World Handycap System (WHS)
World Handicap System (WHS) from 2020/2021:
The most important innovation for all players is that from 2021 all single stroke play tournaments will always be handicap-relevant during the playing season. Thus nobody has the possibility to arbitrarily change single stroke play tournaments as "not effective". Since only the eight best of the last twenty results of a player are used to calculate the handicap index, the poorer twelve rounds do not affect the handicap index.
The World Handicap System (WHS) will be introduced worldwide from the 2020 season and will replace the existing six different handicap systems. Different systems are used in parallel worldwide, which makes a fair comparison of gaming performance impossible. This then globally uniform system enables golfers to play and compete on a fair and equal basis. Every game result and every course worldwide can thus be objectively compared to one another. Germany will grant players a transition period in 2020 and will finally introduce the WHS from 2021.
The World Handicap System is very similar to the current handicap system of the USGA (United States Golf Association). Accordingly, the change in the US is marginal, while European golfers have to get used to far more changes.
According to the WHS, the handicap is calculated based on the average of the last 20 laps. A requirement for receiving a handicap is at least three official scores per player. The WHS then derives an average value from the eight best results.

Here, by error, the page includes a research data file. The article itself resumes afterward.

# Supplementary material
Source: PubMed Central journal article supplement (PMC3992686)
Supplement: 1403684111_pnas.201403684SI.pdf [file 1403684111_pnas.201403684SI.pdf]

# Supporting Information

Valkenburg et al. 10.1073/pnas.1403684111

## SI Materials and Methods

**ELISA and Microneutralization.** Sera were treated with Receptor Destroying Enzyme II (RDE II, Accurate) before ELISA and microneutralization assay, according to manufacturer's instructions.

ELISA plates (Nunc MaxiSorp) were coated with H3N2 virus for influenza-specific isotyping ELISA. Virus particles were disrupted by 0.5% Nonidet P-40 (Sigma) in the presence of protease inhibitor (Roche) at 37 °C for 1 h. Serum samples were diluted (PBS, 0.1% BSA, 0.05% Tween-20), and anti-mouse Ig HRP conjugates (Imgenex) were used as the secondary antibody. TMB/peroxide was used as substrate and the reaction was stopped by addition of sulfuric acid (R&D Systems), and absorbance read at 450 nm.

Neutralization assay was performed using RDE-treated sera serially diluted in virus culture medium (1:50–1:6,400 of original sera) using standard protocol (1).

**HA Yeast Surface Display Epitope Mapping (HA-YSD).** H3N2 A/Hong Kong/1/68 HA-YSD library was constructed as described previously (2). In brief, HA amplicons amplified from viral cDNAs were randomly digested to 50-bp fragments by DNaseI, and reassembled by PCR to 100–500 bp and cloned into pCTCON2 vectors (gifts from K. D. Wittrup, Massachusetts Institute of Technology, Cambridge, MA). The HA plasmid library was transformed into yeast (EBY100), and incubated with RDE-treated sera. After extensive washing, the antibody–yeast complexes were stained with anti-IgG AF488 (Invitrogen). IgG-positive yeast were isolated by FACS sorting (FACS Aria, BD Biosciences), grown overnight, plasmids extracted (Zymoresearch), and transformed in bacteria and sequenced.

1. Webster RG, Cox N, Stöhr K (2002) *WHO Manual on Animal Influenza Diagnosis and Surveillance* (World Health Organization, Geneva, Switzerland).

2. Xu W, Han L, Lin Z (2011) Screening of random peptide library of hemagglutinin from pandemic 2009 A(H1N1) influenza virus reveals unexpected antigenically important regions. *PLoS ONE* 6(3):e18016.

The following factors play a role in the calculation:
- the course rating (degree of difficulty of the course played),
- the slope (values for converting the handicap into the handicap of the course)
- the standard slope of 113
- and optionally the external circumstances (weather conditions) of the round (s) played.
The basis for calculating the handicap index is the difference score. The following formula is used to calculate the difference score:
(Game result - Course Rating) x (113 ÷ Slope Rating) = Difference Score
The eight best results from the last 20 handicap-relevant rounds count. A general formula for converting the DGV specification into a WHI is not yet available. This is difficult because the two systems have different calculation bases. The WHI is intended to depict the golfers' skill levels as precisely and up-to-date as possible.
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